Dean Foods shareholder Susan Poole, who is a plaintiff on the complaint, previously told Food Dive the Dean sale would create a “monopoly on milk prices.” Poole said that she and other shareholders believe DFA and Dean pre-planned the bankruptcy. Poole said the filing was not necessary because the company had liquidity and stockholders’ equity.

“Dairy Farmers of America, basically, I think they were in collusion to have this bankruptcy and it wasn’t warranted,” she said before the deal was approved.

Chapter 11 bankruptcy protection is usually a voluntary filing intended to help struggling businesses restructure financially. According to the company’s most updated quarterly report before the sale, Dean had more than $1.1 billion in long-term debt. Many in the milk space are struggling, Borden Dairy filed for bankruptcy just two months after Dean.

This isn’t the first suit filed after the sale closed. An antitrust lawsuit was filed against DFA in federal court last month challenging its acquisition of the majority of Dean’s assets. Food Lion and the Maryland and Virginia Milk Producers Cooperative Association filed the suit in North Carolina. In June, DFA urged the court to toss the suit, arguing it was too speculative.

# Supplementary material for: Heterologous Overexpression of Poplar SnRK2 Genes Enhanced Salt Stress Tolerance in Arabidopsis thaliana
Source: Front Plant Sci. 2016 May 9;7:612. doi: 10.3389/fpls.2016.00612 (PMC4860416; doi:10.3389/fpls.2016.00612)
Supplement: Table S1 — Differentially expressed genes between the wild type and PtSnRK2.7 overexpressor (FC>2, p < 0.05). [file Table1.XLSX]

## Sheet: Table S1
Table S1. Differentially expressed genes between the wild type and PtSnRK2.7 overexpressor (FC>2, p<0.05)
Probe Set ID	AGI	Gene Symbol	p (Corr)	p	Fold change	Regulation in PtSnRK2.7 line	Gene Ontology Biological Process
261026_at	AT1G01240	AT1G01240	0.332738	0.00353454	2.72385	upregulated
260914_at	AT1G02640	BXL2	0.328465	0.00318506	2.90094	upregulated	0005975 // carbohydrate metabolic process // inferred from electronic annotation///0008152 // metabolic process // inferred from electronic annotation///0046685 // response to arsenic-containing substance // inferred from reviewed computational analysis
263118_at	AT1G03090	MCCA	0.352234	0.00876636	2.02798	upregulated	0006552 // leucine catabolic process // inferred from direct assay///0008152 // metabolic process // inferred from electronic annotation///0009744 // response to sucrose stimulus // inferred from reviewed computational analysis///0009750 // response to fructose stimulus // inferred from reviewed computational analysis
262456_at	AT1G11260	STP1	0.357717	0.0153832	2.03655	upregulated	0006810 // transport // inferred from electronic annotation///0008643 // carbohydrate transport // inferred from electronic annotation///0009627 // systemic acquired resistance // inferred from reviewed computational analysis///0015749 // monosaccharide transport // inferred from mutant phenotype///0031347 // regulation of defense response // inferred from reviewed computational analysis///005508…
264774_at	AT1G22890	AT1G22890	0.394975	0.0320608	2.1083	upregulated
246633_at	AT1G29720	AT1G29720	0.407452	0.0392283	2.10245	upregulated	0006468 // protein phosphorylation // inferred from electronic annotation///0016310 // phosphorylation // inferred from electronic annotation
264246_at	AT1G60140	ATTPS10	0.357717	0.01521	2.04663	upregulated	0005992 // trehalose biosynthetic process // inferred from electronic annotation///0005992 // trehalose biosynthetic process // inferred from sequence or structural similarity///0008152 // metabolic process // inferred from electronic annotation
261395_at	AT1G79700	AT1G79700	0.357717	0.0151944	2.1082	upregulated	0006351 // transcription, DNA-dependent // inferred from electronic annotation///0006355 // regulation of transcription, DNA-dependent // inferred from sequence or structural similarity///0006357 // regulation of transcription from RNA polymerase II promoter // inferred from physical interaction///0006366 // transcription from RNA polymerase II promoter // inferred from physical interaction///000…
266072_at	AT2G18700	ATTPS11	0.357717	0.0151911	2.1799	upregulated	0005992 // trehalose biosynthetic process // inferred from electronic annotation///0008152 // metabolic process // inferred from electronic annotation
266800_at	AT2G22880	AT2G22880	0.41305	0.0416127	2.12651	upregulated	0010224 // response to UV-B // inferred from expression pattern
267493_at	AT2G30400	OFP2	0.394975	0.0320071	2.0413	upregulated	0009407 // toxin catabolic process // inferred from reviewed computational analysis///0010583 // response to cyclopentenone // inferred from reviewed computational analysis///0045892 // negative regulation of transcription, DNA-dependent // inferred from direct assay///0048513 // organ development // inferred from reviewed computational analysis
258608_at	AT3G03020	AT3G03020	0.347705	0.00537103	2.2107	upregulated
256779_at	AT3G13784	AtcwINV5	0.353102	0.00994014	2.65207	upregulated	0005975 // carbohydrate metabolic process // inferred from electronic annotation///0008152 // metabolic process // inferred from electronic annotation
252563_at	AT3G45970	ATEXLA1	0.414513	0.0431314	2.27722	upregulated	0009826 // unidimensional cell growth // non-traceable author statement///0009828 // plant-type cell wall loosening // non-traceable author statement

“With capability to wield market power at two levels of the supply chain, DFA now has both the ability and the incentive to wipe out any remaining pockets of competition,” the suit filed in North Carolina said.

As U.S. President Joe Biden’s administration seeks to revive its ambitious social spending and climate plan in Congress, environmental groups and the farm industry are at odds over proposed subsidies aimed at offsetting agriculture’s substantial contribution to global warming.